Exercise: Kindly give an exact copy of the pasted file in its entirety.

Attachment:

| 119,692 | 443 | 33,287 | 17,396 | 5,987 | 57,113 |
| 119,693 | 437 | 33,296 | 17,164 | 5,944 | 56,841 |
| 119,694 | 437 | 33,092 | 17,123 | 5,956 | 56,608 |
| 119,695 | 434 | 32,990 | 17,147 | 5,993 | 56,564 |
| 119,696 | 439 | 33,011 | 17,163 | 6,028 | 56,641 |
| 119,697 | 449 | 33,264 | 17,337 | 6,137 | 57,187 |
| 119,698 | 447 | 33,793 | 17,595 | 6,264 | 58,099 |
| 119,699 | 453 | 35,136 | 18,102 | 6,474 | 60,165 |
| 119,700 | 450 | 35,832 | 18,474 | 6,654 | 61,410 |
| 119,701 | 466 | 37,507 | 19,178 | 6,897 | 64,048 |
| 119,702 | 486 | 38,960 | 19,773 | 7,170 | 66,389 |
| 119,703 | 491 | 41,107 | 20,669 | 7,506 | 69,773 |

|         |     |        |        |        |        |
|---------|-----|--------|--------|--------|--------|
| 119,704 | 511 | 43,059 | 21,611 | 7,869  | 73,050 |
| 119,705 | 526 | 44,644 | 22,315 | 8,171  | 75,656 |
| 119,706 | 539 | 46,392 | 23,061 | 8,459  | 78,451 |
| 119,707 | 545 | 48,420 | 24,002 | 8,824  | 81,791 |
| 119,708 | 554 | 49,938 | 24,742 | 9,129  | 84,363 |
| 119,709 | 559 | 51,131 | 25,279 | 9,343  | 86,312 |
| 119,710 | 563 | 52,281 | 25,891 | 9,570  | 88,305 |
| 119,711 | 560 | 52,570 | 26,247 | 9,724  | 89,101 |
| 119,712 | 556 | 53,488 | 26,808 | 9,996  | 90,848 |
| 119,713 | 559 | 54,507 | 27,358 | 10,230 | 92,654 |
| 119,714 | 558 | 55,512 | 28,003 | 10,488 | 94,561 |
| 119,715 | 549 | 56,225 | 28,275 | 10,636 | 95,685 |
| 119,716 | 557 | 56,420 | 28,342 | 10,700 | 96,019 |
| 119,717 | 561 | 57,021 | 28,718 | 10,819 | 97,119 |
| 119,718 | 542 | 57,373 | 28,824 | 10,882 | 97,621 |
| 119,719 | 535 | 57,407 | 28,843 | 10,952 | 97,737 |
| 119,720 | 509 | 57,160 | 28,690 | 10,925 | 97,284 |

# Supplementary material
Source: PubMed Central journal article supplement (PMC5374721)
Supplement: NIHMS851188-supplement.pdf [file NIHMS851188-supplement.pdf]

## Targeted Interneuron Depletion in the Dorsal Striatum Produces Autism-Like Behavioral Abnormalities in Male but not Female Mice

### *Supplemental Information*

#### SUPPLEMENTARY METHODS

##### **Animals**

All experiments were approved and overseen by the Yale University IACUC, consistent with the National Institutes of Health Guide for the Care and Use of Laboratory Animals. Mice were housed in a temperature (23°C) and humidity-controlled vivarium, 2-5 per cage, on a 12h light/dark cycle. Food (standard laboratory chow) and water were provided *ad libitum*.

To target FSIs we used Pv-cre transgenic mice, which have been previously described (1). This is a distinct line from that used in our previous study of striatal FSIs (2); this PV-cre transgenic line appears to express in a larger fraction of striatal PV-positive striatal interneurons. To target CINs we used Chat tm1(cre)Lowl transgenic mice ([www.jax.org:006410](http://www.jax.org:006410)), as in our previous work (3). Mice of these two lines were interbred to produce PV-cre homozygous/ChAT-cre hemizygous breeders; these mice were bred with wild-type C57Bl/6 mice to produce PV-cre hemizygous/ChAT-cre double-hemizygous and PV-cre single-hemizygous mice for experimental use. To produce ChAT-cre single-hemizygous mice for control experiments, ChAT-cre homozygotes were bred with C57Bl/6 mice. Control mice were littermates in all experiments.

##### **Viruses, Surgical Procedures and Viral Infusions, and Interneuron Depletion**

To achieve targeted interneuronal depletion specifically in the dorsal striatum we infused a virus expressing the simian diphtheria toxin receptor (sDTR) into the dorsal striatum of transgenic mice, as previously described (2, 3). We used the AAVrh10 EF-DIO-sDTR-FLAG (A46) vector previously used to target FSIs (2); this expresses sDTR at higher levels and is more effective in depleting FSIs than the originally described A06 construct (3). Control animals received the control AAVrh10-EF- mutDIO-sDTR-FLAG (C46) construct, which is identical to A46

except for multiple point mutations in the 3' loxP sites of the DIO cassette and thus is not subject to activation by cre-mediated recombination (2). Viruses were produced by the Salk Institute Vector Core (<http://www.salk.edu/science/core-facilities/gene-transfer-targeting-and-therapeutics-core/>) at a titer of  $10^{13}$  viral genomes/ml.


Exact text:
| 119,692 | 443 | 33,287 | 17,396 | 5,987 | 57,113 |
| 119,693 | 437 | 33,296 | 17,164 | 5,944 | 56,841 |
| 119,694 | 437 | 33,092 | 17,123 | 5,956 | 56,608 |
| 119,695 | 434 | 32,990 | 17,147 | 5,993 | 56,564 |
| 119,696 | 439 | 33,011 | 17,163 | 6,028 | 56,641 |
| 119,697 | 449 | 33,264 | 17,337 | 6,137 | 57,187 |
| 119,698 | 447 | 33,793 | 17,595 | 6,264 | 58,099 |
| 119,699 | 453 | 35,136 | 18,102 | 6,474 | 60,165 |
| 119,700 | 450 | 35,832 | 18,474 | 6,654 | 61,410 |
| 119,701 | 466 | 37,507 | 19,178 | 6,897 | 64,048 |
| 119,702 | 486 | 38,960 | 19,773 | 7,170 | 66,389 |
| 119,703 | 491 | 41,107 | 20,669 | 7,506 | 69,773 |

|         |     |        |        |        |        |
|---------|-----|--------|--------|--------|--------|
| 119,704 | 511 | 43,059 | 21,611 | 7,869  | 73,050 |
| 119,705 | 526 | 44,644 | 22,315 | 8,171  | 75,656 |
| 119,706 | 539 | 46,392 | 23,061 | 8,459  | 78,451 |
| 119,707 | 545 | 48,420 | 24,002 | 8,824  | 81,791 |
| 119,708 | 554 | 49,938 | 24,742 | 9,129  | 84,363 |
| 119,709 | 559 | 51,131 | 25,279 | 9,343  | 86,312 |
| 119,710 | 563 | 52,281 | 25,891 | 9,570  | 88,305 |
| 119,711 | 560 | 52,570 | 26,247 | 9,724  | 89,101 |
| 119,712 | 556 | 53,488 | 26,808 | 9,996  | 90,848 |
| 119,713 | 559 | 54,507 | 27,358 | 10,230 | 92,654 |
| 119,714 | 558 | 55,512 | 28,003 | 10,488 | 94,561 |
| 119,715 | 549 | 56,225 | 28,275 | 10,636 | 95,685 |
| 119,716 | 557 | 56,420 | 28,342 | 10,700 | 96,019 |
| 119,717 | 561 | 57,021 | 28,718 | 10,819 | 97,119 |
| 119,718 | 542 | 57,373 | 28,824 | 10,882 | 97,621 |
| 119,719 | 535 | 57,407 | 28,843 | 10,952 | 97,737 |
| 119,720 | 509 | 57,160 | 28,690 | 10,925 | 97,284 |

# Supplementary material
Source: PubMed Central journal article supplement (PMC5374721)
Supplement: NIHMS851188-supplement.pdf [file NIHMS851188-supplement.pdf]

## Targeted Interneuron Depletion in the Dorsal Striatum Produces Autism-Like Behavioral Abnormalities in Male but not Female Mice

### *Supplemental Information*

#### SUPPLEMENTARY METHODS

##### **Animals**

All experiments were approved and overseen by the Yale University IACUC, consistent with the National Institutes of Health Guide for the Care and Use of Laboratory Animals. Mice were housed in a temperature (23°C) and humidity-controlled vivarium, 2-5 per cage, on a 12h light/dark cycle. Food (standard laboratory chow) and water were provided *ad libitum*.

To target FSIs we used Pv-cre transgenic mice, which have been previously described (1). This is a distinct line from that used in our previous study of striatal FSIs (2); this PV-cre transgenic line appears to express in a larger fraction of striatal PV-positive striatal interneurons. To target CINs we used Chat tm1(cre)Lowl transgenic mice ([www.jax.org:006410](http://www.jax.org:006410)), as in our previous work (3). Mice of these two lines were interbred to produce PV-cre homozygous/ChAT-cre hemizygous breeders; these mice were bred with wild-type C57Bl/6 mice to produce PV-cre hemizygous/ChAT-cre double-hemizygous and PV-cre single-hemizygous mice for experimental use. To produce ChAT-cre single-hemizygous mice for control experiments, ChAT-cre homozygotes were bred with C57Bl/6 mice. Control mice were littermates in all experiments.

##### **Viruses, Surgical Procedures and Viral Infusions, and Interneuron Depletion**

To achieve targeted interneuronal depletion specifically in the dorsal striatum we infused a virus expressing the simian diphtheria toxin receptor (sDTR) into the dorsal striatum of transgenic mice, as previously described (2, 3). We used the AAVrh10 EF-DIO-sDTR-FLAG (A46) vector previously used to target FSIs (2); this expresses sDTR at higher levels and is more effective in depleting FSIs than the originally described A06 construct (3). Control animals received the control AAVrh10-EF- mutDIO-sDTR-FLAG (C46) construct, which is identical to A46

except for multiple point mutations in the 3' loxP sites of the DIO cassette and thus is not subject to activation by cre-mediated recombination (2). Viruses were produced by the Salk Institute Vector Core (<http://www.salk.edu/science/core-facilities/gene-transfer-targeting-and-therapeutics-core/>) at a titer of  $10^{13}$  viral genomes/ml.